From personal experience and listening to people daily, I realize that we are not able to attend to all the things that fall on our plates daily. This is because of limitations we all have as human beings. No matter what happens, there are only 24 hours each day. We can only do so much within that period. Apart from the limitation of time, we also have limitations with resources such as knowledge, experience and money. We don’t always have answers to everything that confronts us.
How then, do we navigate our way through such situations? I am of the view that if we learn to set priorities we shall make a head way in this regard.
Setting priorities enables you to apportion your resources efficiently. You can’t have an effective life if you don’t establish your priorities. Knowing your priorities helps you to know what you must admit onto your schedule immediately, what you must put on the back burner and what you must out rightly reject. This will ensure that you always commit resources only to that which will be beneficial to you.
TWO TYPES OF PRIORITIES
- Permanent priorities: In our lives, there are priorities that are never expected to change. These are what I call permanent priorities. Personally, I can tell you that my faith life is of utmost importance to me and it will continue to occupy the top spot on my list of priorities. My family life is another aspect of me that will always be important. Each one of us has lifetime priorities. They are based on our values and aspirations. Have you identified yours?
- Prevailing priorities: Prevailing priorities are those that are important at a particular season of one’s life. Sometimes, these prevailing priorities seem to push the permanent priorities to the periphery of our lives. For instance, sometimes while addressing an audience or sitting in a meeting, my cell phone vibrates to prompt me of a call from a close family member. At that time, I cannot put the presentation or meeting on hold to receive the call due to the sensitivity of the meeting. This is one typical situation where prevailing priority (meeting) interferes with lifetime priority (staying in touch with family). Needless to say, in such a situation I would have to ignore the call and revert as soon as I am in a position to.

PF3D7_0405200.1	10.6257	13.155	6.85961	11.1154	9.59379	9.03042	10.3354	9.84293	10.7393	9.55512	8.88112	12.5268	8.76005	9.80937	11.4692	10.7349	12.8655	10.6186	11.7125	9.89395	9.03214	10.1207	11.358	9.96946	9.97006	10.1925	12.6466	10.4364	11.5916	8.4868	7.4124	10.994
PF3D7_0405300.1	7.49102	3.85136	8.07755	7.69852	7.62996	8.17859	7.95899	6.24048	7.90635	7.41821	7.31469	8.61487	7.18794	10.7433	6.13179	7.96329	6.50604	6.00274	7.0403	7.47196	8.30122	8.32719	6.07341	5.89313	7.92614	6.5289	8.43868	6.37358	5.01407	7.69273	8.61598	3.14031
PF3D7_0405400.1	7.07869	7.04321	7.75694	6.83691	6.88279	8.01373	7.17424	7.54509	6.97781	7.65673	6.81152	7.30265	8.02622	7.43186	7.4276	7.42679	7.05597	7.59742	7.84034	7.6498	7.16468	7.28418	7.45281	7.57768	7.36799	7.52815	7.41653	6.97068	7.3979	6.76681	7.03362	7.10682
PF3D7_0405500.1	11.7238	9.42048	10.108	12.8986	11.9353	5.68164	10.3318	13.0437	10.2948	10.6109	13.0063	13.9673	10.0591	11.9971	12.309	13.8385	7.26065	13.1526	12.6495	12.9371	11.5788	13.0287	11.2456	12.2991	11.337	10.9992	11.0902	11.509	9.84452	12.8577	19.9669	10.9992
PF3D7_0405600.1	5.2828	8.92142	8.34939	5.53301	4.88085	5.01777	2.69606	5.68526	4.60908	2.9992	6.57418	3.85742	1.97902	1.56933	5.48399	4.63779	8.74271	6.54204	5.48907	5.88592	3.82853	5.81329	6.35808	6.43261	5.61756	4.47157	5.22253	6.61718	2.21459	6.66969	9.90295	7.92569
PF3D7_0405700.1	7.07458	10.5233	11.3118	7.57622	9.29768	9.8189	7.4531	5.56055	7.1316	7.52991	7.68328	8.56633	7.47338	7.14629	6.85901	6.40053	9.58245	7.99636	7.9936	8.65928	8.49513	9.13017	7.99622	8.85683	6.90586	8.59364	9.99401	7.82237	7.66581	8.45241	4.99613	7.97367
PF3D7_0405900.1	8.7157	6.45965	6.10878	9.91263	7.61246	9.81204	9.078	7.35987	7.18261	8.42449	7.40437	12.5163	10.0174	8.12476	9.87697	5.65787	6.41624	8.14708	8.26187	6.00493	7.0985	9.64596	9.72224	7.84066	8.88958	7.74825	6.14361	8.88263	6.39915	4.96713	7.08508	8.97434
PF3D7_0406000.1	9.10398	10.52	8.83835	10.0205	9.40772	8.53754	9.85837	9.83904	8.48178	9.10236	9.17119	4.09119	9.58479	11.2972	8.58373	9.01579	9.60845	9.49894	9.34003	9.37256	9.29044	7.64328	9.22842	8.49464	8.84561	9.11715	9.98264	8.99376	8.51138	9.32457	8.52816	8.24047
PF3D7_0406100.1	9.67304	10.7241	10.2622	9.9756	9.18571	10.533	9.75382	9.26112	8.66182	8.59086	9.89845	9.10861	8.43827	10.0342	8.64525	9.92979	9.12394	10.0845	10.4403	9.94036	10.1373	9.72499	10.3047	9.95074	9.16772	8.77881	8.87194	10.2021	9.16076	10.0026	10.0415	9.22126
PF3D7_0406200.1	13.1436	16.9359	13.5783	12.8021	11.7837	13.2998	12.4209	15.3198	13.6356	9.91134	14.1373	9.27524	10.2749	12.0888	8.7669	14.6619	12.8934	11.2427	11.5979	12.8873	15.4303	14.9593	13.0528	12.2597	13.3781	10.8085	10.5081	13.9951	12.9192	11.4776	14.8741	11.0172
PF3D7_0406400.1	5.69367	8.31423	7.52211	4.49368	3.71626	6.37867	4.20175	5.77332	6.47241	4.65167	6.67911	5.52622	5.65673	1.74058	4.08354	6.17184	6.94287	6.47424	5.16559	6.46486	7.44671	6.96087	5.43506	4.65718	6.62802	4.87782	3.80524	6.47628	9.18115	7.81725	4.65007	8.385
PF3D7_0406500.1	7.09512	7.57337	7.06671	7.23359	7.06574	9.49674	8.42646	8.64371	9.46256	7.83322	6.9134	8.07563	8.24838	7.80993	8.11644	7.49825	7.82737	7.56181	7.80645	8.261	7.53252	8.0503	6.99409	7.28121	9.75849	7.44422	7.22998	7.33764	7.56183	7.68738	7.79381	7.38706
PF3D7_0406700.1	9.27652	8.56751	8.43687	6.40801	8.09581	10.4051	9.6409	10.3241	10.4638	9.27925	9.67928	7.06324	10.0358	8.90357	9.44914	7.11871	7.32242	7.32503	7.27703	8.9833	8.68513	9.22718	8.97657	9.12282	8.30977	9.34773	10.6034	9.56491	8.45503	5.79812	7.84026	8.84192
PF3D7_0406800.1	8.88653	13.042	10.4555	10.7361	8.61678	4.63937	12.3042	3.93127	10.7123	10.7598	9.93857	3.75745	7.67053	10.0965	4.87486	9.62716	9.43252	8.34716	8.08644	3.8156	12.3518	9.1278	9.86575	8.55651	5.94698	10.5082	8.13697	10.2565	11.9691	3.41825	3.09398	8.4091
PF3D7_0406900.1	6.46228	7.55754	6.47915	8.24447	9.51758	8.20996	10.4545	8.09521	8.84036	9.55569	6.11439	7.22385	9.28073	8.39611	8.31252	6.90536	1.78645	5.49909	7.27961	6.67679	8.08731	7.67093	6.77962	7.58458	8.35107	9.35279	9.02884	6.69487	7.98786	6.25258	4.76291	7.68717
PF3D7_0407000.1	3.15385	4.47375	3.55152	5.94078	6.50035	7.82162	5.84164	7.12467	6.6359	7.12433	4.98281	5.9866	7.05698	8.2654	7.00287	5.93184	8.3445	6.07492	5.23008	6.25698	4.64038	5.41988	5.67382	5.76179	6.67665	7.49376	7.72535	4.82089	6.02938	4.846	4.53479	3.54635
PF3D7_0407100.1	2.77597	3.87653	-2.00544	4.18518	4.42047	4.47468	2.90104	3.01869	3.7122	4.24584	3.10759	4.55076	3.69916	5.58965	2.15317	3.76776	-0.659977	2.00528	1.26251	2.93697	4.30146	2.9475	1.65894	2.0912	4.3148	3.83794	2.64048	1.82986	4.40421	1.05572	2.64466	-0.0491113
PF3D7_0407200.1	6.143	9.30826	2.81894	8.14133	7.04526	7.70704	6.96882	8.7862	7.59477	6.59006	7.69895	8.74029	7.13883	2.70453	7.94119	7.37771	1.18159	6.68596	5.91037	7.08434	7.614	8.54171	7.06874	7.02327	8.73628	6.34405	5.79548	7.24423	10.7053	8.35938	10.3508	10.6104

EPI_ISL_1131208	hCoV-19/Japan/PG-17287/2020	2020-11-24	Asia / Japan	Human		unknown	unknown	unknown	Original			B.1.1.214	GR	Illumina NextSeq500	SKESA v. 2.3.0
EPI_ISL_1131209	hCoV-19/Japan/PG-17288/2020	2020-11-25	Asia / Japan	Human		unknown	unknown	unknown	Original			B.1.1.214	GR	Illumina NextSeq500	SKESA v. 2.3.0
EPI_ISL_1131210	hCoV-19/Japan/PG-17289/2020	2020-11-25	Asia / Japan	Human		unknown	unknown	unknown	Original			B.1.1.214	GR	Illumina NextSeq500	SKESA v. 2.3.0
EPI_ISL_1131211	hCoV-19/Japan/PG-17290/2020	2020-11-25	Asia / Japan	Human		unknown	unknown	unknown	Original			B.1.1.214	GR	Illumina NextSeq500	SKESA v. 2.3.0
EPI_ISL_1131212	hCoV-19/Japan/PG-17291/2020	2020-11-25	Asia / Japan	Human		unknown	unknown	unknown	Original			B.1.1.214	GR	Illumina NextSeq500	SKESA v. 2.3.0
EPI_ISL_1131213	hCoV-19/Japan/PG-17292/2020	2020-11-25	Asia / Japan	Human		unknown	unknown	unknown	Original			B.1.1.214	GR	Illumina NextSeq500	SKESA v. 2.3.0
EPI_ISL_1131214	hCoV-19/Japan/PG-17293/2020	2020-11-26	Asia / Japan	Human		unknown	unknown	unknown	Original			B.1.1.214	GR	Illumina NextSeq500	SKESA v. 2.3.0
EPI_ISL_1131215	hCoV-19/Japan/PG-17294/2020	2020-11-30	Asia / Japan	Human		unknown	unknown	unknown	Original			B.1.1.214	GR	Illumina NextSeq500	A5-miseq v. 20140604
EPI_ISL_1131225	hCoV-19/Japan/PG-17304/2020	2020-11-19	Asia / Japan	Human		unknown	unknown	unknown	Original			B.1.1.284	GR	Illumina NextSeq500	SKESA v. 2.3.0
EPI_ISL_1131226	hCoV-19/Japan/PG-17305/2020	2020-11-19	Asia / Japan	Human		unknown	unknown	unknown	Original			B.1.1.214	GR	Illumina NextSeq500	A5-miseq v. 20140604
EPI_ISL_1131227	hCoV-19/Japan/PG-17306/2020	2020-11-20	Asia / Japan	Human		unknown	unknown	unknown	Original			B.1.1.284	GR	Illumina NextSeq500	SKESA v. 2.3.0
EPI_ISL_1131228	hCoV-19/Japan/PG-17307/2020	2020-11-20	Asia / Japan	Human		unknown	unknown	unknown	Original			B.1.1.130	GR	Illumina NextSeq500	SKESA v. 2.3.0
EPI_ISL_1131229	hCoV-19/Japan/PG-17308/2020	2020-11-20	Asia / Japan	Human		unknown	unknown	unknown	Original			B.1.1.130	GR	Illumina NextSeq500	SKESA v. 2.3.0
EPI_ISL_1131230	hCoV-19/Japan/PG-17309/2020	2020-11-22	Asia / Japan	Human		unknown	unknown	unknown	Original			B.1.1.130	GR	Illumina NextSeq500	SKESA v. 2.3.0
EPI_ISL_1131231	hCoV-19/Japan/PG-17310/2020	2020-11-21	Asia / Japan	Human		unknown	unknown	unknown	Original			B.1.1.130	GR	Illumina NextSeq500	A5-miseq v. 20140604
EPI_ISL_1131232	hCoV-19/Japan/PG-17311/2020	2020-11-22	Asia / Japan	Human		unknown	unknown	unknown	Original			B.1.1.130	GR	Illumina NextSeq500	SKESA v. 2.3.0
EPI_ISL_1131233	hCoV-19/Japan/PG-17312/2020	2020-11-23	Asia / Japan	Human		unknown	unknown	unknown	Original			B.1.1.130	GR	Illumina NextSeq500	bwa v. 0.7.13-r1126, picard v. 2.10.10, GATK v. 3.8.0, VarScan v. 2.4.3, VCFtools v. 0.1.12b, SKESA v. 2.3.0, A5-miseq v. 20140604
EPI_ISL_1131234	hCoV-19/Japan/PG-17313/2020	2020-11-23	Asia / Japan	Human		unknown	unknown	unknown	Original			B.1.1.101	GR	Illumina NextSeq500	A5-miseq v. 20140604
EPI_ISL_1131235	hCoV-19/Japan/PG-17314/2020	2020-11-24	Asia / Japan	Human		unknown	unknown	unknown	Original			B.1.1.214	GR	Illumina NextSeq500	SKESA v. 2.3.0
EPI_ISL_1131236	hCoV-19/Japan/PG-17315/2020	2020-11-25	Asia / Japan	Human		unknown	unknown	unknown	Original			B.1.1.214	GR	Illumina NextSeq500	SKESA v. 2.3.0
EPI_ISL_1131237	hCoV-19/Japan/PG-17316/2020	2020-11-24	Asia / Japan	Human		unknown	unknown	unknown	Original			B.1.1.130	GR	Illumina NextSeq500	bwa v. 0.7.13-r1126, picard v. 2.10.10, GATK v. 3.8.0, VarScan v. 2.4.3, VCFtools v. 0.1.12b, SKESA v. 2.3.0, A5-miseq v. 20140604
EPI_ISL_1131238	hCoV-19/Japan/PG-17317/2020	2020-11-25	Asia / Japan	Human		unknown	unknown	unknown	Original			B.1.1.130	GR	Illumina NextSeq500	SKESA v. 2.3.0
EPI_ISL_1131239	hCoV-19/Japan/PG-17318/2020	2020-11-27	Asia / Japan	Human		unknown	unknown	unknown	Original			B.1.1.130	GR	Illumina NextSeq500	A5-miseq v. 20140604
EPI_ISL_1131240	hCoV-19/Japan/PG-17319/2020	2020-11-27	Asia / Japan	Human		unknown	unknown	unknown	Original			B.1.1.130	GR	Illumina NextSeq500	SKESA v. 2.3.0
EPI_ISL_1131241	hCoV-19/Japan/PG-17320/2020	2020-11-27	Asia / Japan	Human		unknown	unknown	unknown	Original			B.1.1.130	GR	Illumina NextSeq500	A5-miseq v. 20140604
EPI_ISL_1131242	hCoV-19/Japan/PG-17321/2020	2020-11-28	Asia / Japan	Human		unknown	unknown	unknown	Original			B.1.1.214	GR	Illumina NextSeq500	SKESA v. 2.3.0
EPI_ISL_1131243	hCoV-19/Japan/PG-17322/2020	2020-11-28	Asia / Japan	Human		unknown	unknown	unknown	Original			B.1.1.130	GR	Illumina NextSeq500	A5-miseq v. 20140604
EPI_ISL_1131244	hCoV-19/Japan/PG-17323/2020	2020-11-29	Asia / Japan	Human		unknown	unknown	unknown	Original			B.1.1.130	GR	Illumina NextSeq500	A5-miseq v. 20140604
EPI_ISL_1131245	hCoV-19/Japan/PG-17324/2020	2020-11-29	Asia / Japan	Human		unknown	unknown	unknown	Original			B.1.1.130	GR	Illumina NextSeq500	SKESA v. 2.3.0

The wisdom in making such a distinction grants you the ability to use the pursuit of your prevailing priorities to undergird your permanent priorities. The key here is to identify where each item falls and putting in place a system to manage them.
HOW TO MANAGE YOUR PRIORITIES
- Identify your roles: Know your obligations. List your required tasks. All of us play various roles in different aspects of our lives. Perhaps you may have roles as an employee/employer, student, husband/wife, parent, church member or member of you’re the PTA executive committee of your school. Be conscious.
- Have a plan: Plan for all your roles. Keep a to-do list. Plan your activities weekly and daily. Make sure you plan for each day before the day begins. Planning your day in advance keeps you focused on what is important. When planning, pay attention to tasks that are likely to yield maximum results at the end of the day. Bear in mind the Pareto Principle; “20% of activities produce 80% of results.” Planning helps you to know what to do during the day when you wake from bed. It simplifies your life.
- Be flexible: Even though you may plan, things will not always go as planned. There will always be circumstances beyond your control that could dislodge your plans. That is why in your plans, you must make provision for such eventualities. Always reserve some amount of time for unplanned activities. Have a budget for contingencies. Master the art of team work and delegation. Be ready to think on your feet.
Two quotes from legendary life coach Stephen Covey (1932 - 2012): “The key is not to prioritize what’s on your schedule, but to schedule your priorities”; “You have to decide what your highest priorities are and have the courage – pleasantly, smilingly, nonapologetically, to say ‘no’ to other things. And the way you do that is by having a bigger ‘yes’ burning inside.”
I tell you this; you can have the kind of life you desire if you learn to establish your priorities and focus your attention on them. Don’t just wish for a good life. Establish objective priorities and let them drive your choices and actions.
© 2014 Terry Mante
CEO, Personal Development Network
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